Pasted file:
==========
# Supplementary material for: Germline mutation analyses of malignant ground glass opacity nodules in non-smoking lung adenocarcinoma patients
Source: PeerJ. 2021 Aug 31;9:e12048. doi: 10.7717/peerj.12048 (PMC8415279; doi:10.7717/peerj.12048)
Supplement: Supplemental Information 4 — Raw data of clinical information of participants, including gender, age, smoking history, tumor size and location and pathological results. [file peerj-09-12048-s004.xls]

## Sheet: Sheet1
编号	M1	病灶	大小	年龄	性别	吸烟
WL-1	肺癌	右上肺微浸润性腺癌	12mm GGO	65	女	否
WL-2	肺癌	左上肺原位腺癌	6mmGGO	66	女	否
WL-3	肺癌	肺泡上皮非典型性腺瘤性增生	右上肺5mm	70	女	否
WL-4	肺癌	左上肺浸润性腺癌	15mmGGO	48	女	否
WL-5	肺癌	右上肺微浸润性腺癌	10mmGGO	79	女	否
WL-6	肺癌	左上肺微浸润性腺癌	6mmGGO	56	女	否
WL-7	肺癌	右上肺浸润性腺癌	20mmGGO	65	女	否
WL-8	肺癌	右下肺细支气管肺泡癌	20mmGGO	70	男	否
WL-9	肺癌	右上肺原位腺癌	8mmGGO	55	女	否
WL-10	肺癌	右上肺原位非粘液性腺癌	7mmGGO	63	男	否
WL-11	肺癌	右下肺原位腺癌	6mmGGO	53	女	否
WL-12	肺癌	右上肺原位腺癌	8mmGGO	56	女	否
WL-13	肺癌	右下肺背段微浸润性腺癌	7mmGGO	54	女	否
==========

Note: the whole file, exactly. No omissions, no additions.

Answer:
# Supplementary material for: Germline mutation analyses of malignant ground glass opacity nodules in non-smoking lung adenocarcinoma patients
Source: PeerJ. 2021 Aug 31;9:e12048. doi: 10.7717/peerj.12048 (PMC8415279; doi:10.7717/peerj.12048)
Supplement: Supplemental Information 4 — Raw data of clinical information of participants, including gender, age, smoking history, tumor size and location and pathological results. [file peerj-09-12048-s004.xls]

## Sheet: Sheet1
编号	M1	病灶	大小	年龄	性别	吸烟
WL-1	肺癌	右上肺微浸润性腺癌	12mm GGO	65	女	否
WL-2	肺癌	左上肺原位腺癌	6mmGGO	66	女	否
WL-3	肺癌	肺泡上皮非典型性腺瘤性增生	右上肺5mm	70	女	否
WL-4	肺癌	左上肺浸润性腺癌	15mmGGO	48	女	否
WL-5	肺癌	右上肺微浸润性腺癌	10mmGGO	79	女	否
WL-6	肺癌	左上肺微浸润性腺癌	6mmGGO	56	女	否
WL-7	肺癌	右上肺浸润性腺癌	20mmGGO	65	女	否
WL-8	肺癌	右下肺细支气管肺泡癌	20mmGGO	70	男	否
WL-9	肺癌	右上肺原位腺癌	8mmGGO	55	女	否
WL-10	肺癌	右上肺原位非粘液性腺癌	7mmGGO	63	男	否
WL-11	肺癌	右下肺原位腺癌	6mmGGO	53	女	否
WL-12	肺癌	右上肺原位腺癌	8mmGGO	56	女	否
WL-13	肺癌	右下肺背段微浸润性腺癌	7mmGGO	54	女	否